Current international efforts to get the parties in the Syrian conflict to negotiate have to be considered futile. Not only do civil wars rarely end in negotiated settlements—fewer than 30 percent do—but the chances of such a settlement are particularly low during the first three years of the conflict.

Both Kofi Annan and Lakhdar Brahimi, respectively the previous and current UN and Arab League special envoys for Syria, were sent on what was essentially a mission impossible because both sides in the conflict still believe they can win the war. For them, the “cost” of a settlement seems higher than the cost of continuing the fighting. Sadly, time and timing are the critical factors in negotiating a successful settlement, not the cost in human or economic terms.

What can be done now to increase the likelihood of a negotiated settlement?

For a start, both sides in the conflict have their own assessment of the likelihood of victory. This perception is subjective and difficult to influence from the outside. Both sides need to become more skeptical about their chances of victory if a solid basis for negotiations is to be created: the settlement needs to be the best option for both parties.

Sanctions like those that have been imposed are one option. Although they will rarely succeed in changing a regime’s policy, they can increase its perceived cost. Similarly, the EU’s recent refusal to arm opposition forces in Syria may reduce the rebels’ subjective probability of victory and therefore contribute to the likelihood of negotiations, even if that notion seems counterintuitive.

A continuous supply of weapons to both sides—whether from Russia, Iran or the Gulf States—only maintains the parties’ perception that fighting is a better option than negotiating. This explains why, in terms of statistical probability, an external supply of weapons lengthens a civil war.

Once both sides have stopped considering victory to be the likeliest outcome, the most critical element for a successful settlement is the presence of a guarantor able to enforce the agreed framework. This element has been absent from current negotiation attempts and partly explains their futility. What is needed is a guarantor who ideally has a strong interest in peace as well as the necessary financial and military capacity to enforce it. Without such a guarantor, as well as the realization by both sides that victory is not an option, negotiations are simply useless.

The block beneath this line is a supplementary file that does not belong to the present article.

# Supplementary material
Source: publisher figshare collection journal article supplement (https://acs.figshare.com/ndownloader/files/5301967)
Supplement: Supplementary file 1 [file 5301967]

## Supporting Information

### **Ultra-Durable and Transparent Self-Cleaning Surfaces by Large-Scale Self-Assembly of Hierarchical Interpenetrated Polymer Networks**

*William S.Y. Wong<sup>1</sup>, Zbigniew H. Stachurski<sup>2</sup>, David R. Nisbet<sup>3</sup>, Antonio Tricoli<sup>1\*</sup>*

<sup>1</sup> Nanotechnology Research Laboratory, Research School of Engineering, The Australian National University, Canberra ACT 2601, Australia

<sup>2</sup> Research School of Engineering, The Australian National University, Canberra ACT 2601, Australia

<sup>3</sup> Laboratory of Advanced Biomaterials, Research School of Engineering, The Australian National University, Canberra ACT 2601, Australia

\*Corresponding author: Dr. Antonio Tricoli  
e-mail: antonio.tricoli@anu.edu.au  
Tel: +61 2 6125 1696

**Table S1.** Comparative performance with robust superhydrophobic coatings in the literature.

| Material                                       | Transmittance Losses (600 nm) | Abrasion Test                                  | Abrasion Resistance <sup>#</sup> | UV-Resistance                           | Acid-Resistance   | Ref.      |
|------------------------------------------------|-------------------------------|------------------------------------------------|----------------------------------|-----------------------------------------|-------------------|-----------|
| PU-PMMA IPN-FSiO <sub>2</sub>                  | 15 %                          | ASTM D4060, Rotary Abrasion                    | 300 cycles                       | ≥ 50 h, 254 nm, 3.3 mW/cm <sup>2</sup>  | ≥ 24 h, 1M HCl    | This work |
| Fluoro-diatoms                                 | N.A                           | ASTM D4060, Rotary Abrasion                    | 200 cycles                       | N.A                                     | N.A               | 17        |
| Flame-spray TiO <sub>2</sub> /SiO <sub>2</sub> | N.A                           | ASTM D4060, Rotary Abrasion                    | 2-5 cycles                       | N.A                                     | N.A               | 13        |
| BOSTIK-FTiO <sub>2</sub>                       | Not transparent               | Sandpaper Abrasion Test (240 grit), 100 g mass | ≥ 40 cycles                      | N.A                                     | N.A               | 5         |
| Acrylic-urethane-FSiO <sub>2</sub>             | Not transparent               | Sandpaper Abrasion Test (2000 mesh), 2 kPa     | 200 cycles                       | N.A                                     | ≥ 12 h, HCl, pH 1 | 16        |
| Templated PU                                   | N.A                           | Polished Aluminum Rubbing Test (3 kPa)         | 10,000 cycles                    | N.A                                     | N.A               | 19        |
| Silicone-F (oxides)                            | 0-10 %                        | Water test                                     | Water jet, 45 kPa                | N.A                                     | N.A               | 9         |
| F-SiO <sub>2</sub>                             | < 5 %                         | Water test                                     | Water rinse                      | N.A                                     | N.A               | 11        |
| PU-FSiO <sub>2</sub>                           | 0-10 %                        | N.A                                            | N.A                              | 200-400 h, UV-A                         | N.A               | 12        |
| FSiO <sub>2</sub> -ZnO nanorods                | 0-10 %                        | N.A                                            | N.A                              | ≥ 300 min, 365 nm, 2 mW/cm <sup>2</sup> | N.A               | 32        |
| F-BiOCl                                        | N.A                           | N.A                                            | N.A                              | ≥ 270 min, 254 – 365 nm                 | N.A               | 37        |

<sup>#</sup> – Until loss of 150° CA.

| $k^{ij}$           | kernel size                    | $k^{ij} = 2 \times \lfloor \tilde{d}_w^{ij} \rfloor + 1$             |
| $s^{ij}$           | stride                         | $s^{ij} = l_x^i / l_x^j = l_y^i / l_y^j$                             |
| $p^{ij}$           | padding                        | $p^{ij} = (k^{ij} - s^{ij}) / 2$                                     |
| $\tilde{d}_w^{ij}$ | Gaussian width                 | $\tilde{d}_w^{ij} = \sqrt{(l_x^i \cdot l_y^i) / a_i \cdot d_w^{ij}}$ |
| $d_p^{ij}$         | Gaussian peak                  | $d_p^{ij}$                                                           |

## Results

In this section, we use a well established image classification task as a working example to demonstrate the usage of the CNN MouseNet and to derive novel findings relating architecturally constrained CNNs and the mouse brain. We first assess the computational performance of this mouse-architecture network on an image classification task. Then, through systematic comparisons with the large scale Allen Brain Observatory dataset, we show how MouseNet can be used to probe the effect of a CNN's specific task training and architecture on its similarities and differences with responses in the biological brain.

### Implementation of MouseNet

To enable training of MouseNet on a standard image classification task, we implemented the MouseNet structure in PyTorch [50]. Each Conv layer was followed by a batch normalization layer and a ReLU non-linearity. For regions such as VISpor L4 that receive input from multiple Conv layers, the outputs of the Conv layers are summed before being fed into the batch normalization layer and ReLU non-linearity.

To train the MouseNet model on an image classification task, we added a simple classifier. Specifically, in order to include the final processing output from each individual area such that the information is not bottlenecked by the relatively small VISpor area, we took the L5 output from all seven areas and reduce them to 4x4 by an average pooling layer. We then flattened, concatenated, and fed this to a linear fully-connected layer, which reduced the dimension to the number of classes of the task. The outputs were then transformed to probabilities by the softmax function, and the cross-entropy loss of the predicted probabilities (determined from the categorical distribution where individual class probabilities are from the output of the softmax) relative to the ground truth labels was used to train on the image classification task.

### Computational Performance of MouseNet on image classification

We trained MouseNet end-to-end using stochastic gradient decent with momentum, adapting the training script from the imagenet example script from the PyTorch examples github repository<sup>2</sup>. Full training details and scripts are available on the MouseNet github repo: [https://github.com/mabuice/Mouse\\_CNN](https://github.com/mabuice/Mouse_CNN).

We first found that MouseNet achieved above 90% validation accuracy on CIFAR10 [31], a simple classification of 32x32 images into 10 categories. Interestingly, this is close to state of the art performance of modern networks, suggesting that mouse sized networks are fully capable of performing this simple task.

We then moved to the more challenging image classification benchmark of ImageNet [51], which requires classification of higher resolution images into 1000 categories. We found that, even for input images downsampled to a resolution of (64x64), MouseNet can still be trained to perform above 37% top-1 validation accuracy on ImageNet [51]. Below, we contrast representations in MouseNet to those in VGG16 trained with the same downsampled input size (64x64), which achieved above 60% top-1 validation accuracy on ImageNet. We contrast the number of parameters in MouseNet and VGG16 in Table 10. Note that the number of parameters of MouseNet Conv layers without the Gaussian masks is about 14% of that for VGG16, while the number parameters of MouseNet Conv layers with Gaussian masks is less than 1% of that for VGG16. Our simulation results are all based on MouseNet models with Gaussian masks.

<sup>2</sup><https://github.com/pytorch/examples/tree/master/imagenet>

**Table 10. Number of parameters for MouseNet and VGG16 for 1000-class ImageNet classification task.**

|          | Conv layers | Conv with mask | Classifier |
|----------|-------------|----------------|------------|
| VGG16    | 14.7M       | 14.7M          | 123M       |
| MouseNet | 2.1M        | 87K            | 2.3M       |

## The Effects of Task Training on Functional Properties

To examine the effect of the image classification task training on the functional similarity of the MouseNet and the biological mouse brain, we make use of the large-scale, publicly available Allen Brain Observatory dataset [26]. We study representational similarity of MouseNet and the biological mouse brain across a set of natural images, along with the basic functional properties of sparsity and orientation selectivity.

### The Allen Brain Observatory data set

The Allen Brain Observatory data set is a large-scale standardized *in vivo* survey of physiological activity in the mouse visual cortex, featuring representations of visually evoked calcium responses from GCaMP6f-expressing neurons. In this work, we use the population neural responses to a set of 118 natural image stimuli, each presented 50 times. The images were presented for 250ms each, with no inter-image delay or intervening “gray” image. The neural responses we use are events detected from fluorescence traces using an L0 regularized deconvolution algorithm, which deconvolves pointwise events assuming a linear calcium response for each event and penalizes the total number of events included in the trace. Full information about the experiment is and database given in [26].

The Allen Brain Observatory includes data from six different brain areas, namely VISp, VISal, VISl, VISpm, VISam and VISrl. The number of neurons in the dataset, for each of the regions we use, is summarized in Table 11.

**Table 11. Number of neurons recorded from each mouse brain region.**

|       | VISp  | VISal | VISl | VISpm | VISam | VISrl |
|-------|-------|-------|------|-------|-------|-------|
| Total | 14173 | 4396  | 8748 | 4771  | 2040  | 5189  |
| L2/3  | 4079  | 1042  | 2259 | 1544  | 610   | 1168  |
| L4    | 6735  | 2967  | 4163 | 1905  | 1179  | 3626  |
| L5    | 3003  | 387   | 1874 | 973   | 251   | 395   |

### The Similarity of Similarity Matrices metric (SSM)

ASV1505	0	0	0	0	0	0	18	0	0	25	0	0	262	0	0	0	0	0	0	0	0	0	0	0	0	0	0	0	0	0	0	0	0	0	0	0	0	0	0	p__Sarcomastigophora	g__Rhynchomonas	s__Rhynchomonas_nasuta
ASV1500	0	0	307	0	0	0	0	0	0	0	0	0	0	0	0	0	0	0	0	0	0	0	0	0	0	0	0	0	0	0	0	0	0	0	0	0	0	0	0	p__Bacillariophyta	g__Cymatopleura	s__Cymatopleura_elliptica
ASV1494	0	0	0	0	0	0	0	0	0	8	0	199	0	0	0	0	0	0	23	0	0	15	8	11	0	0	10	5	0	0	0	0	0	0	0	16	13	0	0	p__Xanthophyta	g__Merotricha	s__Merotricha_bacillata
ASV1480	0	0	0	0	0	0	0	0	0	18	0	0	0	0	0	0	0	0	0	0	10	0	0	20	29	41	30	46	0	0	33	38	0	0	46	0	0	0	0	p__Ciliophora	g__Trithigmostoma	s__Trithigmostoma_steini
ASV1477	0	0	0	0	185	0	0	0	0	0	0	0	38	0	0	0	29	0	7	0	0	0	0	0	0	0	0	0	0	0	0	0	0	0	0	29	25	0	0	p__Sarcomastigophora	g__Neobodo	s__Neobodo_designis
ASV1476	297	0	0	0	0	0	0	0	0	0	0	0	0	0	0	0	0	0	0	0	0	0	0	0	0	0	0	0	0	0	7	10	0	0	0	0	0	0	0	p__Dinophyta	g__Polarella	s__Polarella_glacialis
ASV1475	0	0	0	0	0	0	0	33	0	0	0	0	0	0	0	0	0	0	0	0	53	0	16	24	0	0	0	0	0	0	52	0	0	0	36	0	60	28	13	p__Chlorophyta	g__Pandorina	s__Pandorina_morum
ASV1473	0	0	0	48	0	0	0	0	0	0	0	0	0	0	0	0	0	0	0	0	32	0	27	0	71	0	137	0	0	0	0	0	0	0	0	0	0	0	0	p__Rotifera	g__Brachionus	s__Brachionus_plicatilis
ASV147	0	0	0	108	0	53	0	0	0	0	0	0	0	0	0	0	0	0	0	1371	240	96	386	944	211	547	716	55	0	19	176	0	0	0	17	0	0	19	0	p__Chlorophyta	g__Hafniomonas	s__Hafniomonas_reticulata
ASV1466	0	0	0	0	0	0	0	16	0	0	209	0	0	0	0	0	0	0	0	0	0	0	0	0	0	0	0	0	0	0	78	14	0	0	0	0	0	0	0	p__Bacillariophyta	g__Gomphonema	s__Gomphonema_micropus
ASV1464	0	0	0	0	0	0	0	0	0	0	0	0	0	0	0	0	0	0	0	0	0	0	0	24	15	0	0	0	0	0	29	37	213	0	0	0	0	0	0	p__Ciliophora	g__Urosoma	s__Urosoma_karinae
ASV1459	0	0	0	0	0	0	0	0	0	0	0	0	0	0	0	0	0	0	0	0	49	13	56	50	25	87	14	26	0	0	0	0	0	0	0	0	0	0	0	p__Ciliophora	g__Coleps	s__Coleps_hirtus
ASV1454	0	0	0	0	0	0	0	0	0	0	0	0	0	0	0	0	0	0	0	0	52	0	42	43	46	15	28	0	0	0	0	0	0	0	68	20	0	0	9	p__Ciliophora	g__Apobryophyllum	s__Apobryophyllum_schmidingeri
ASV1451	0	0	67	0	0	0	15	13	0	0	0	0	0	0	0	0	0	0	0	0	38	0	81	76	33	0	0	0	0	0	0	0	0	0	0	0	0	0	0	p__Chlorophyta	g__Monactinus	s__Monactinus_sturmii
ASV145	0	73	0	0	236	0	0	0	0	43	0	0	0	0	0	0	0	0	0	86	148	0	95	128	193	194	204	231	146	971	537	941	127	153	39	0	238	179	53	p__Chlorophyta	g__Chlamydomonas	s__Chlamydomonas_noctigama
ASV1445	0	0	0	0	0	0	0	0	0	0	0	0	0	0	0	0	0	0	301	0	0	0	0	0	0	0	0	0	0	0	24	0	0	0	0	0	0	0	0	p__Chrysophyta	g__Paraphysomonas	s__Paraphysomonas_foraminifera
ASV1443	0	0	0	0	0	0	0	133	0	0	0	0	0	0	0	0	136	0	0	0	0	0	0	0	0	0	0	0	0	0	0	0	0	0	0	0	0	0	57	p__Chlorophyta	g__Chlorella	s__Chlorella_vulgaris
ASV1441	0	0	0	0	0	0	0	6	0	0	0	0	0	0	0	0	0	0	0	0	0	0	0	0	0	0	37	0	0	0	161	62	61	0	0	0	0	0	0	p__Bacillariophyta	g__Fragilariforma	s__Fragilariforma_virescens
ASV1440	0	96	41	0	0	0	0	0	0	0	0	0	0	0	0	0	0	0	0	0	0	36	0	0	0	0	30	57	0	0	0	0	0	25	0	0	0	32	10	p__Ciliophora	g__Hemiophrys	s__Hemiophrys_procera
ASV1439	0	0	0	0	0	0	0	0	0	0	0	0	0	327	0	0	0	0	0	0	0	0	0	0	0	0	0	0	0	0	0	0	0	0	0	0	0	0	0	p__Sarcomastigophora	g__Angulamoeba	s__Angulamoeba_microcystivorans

If decisionmakers cannot wait for a negotiated settlement, there are two other options on the table. (They should, however, be aware that neither is likely to shorten the overall conflict—civil wars are notoriously longer than international conflicts, lasting an average of seven years.)

The first option would be to help one side win the war. That is how over 70 percent of civil wars end, but in the case of Syria it is tricky because both sides have external supporters who may cancel each other out. The help extended to the Syrian rebels would have to be more effective than simply sending weapons, as the rebels’ current disadvantage is more strategic than logistical.

Like its Libyan counterpart in 2011, the Free Syrian Army needs functioning command-and-control structures, cohesion, and tactical knowledge more than Man-portable air-defense systems (MANPADs). Sending trainers and advisers to act on the ground would not only be cost-effective but would reflect more strategic thinking. As for the political wing, the Syrian National Coalition, virtually nothing can be done to create a political consensus from the outside—except to reduce the likelihood of victory.

The second option is a full-scale military intervention. But make no mistake: while often seen as a panacea to civil conflict, this has limited impact on the conflict structure. And, given Russia’s position and likely veto, it would not have the legitimacy of a UN Security Council resolution.

This option only works when adequately manned; in a country the size of Syria this would mean a force of 320,000 troops. Otherwise it would simply make things worse. For now, those states capable of taking on such a mission are not eager to do so, and those eager to do so are not capable.

Whatever option policymakers choose, they should not forget that civil wars are by their nature difficult to solve and have a mysterious inner clock that is hard to work against. Lowering public expectations in Europe and the Arab world, while containing spillover effects on Lebanon and Jordan through humanitarian aid, is the best option for now.

Dr. Florence Gaub is a researcher and lecturer at the NATO Defense College in Rome. The views represented in this article are the author’s own and do not represent the views of the North Atlantic Treaty Organization (NATO) or the NATO Defense College.